The Anatolian Leopard, whose existence has already been proven in 4 regions of Turkey, was photographed this time with the camera trap set up by the Ministry of Agriculture and Forestry.

According to the ministry’s statement, studies conducted by the Directorate General of Eastern Wildlife Conservation and National Parks (DKMP) for the detection and protection of the endangered Anatolian leopard in the country are continuing.

The image of the Anatolian leopard, previously proven to exist in 4 regions of Turkey, was recaptured with a camera. The ministry shared the image on its social media account, “We have again photographed the Anatolian leopard, whose existence has been proven in our country. May your generation multiply, you will always exist in this country. We will continue to watch the Anatolian leopard.” the sentences used.

Leopard action plan being prepared

Although the leopard has the largest range and food supply of the 36 cat species, it belongs to the endangered categories on the IUCN Red List worldwide.

In Turkey, the Anatolian leopard, which was killed in 1974 in the Beypazarı district of Ankara, was thought to be the last specimen of this species and extinct in the country. After the traces and signs found during the field studies of the Directorate General DKMP, the searches were started with the findings to the contrary.

As a result of work first started in a region, photos of a male leopard were reflected in the camera on August 25, 2019. Thereafter, systematic studies of data collection were initiated. Another male individual was found in a different region.

When evaluating the reports received by the Directorate General DKMP, it was found that there were leopards in at least 4 different areas.

Thereupon, the Leopard Research Unit was established to urgently determine the current and potential habitats of the Anatolian leopard with a comprehensive survey. Work has also started on the Leopard Action Plan.

During the World Biodiversity Day event, Agriculture and Forestry Minister Vahit Kirişci shared the image of the Anatolian leopard on his social media account, saying: “We have to protect them, so we will keep their habitats secret.” he said.

The Regional Action Plan will contribute

This year, on September 20-22, the first Leopard Range Countries Meeting was held in Georgia as part of the Central Asian Mammal Working Group of the Convention on Migratory Species.

Information was presented at the meeting that the Caucasian leopard (P. pardus ciccaucasica), Persian leopard (P. pardus saxicolor) and Anatolian leopard (P. pardus tulliana) that are distributed in these countries and were previously thought to be different subspecies , the same are subspecies as a result of genetic studies.

For this reason, in accordance with the rules of scientific naming, the name “P. pardus tulliana” (Anatolian leopard) was accepted as the scientific name for the subspecies common in geography, according to the rule of accepting the first given name of several names given to the same species.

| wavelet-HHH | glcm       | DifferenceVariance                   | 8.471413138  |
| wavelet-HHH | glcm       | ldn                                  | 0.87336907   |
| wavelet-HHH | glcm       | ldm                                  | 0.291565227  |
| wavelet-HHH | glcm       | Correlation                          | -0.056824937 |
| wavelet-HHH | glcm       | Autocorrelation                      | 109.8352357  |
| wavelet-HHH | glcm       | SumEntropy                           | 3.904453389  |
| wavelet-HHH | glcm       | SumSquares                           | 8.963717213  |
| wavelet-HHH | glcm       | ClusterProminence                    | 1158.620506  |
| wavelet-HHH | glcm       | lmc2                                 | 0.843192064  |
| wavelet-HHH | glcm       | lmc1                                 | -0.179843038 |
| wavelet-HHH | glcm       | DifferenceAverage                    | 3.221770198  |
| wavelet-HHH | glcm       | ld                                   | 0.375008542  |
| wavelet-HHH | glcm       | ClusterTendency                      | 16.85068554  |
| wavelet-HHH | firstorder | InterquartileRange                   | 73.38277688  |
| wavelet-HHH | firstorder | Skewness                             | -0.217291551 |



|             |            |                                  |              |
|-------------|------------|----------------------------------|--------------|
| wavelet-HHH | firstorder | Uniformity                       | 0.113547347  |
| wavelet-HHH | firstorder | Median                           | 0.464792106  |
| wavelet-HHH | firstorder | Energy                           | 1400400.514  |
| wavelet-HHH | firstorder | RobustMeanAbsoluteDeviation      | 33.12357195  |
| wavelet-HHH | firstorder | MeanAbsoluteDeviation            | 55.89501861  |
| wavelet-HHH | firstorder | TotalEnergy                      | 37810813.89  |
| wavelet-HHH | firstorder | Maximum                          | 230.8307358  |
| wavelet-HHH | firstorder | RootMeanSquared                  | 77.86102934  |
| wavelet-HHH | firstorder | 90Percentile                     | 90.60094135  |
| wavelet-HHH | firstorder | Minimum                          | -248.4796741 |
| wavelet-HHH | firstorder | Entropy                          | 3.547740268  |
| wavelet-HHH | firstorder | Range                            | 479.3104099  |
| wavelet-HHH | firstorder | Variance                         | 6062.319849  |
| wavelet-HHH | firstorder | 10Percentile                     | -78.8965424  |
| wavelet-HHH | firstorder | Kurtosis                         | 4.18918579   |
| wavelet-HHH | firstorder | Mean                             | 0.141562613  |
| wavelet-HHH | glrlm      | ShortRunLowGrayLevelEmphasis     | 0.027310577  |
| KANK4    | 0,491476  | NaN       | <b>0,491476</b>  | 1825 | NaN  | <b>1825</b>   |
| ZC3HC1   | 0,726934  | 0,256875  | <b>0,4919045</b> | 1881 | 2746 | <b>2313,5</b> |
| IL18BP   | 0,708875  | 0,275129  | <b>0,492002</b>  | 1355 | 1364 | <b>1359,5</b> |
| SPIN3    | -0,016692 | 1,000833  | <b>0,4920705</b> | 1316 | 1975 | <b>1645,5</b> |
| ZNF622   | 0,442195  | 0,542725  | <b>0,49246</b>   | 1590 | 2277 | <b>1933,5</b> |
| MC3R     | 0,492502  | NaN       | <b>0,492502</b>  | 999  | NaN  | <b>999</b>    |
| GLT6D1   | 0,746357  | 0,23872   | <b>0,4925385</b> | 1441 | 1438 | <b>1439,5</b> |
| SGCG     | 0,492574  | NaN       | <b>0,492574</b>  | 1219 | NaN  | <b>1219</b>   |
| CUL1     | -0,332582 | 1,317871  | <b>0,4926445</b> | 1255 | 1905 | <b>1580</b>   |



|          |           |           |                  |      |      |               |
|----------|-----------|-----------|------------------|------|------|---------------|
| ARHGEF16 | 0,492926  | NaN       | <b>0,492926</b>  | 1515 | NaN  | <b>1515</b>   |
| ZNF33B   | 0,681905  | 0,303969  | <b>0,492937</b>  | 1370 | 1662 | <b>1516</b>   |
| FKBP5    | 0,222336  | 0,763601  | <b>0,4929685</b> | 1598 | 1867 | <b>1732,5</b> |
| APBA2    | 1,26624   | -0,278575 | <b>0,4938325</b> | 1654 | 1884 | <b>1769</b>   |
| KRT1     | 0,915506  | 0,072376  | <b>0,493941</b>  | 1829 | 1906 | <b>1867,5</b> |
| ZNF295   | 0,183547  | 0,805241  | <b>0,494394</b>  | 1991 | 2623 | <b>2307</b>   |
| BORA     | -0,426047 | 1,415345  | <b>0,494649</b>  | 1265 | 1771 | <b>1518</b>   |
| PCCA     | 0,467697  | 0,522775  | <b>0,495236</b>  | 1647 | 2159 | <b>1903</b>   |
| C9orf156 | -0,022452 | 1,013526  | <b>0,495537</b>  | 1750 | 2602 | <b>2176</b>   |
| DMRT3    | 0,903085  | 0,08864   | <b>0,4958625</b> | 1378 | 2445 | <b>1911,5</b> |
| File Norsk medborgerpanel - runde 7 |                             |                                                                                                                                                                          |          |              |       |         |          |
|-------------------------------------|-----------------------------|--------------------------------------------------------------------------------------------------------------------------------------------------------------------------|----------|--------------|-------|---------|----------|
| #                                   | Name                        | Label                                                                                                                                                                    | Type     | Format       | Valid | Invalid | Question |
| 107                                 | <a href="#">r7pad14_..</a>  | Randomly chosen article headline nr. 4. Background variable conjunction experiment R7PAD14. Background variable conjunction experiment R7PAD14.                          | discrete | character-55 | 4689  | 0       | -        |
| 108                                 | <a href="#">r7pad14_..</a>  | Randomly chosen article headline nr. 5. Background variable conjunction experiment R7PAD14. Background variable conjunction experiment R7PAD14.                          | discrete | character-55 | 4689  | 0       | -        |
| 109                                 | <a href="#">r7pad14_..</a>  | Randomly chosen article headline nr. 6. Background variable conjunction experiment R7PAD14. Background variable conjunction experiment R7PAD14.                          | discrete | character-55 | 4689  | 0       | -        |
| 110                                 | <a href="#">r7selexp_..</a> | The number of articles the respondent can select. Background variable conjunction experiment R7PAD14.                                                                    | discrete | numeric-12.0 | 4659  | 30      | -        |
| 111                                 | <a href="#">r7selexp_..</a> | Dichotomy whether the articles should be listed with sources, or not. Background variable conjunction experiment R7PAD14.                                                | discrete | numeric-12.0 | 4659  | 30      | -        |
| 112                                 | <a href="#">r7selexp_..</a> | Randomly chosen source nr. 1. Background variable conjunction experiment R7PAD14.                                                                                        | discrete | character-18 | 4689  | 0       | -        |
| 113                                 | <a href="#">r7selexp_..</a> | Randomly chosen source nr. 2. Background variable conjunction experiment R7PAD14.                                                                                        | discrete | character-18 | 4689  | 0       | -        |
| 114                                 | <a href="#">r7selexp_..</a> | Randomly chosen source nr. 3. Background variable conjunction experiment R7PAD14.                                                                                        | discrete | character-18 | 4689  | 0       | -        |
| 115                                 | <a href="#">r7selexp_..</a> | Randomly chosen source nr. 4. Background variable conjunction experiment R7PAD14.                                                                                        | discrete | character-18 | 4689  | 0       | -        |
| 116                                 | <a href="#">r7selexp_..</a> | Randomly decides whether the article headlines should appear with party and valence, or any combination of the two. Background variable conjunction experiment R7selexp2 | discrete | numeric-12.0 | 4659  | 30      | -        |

A Regional Action Plan for this subspecies was also drawn up and adopted during this meeting.

It was said that the existence of a regional action plan for the Leopard Action Plan, which is being prepared in Turkey, would be very helpful.

Distribution map being created

An application has been submitted to TÜBİTAK for a project where experts from Isparta University of Applied Sciences, Bursa Technical University, Düzce University, Muğla Sıtkı Koçman University, IUCN Kedigiller Experts Group and DKMP 6th Regional Directorate provide the scientific basis for the action plan.

At the start of the project, a protocol is drawn up between the institutions involved and the work is accelerated.

The action plan aims to reconstruct the distribution map of the subspecies known as the Anatolian leopard in the country.

Investigating signs such as tracks, droppings and carrion in areas where Anatolian leopards are likely to be found, identifying individuals in these areas by interviewing local people, taking and implementing conservation and development measures, especially finding females for the future of the population are among the important topics of the action plan.

While it is not possible at this stage to speak of a regular population of leopards in Turkey, the aim is to urgently determine their current and potential habitats through a comprehensive survey.

The extinction of the leopard species tends to decrease due to population growth, industrialization and habitat destruction such as wildfires, as well as limiting factors such as over-poaching.


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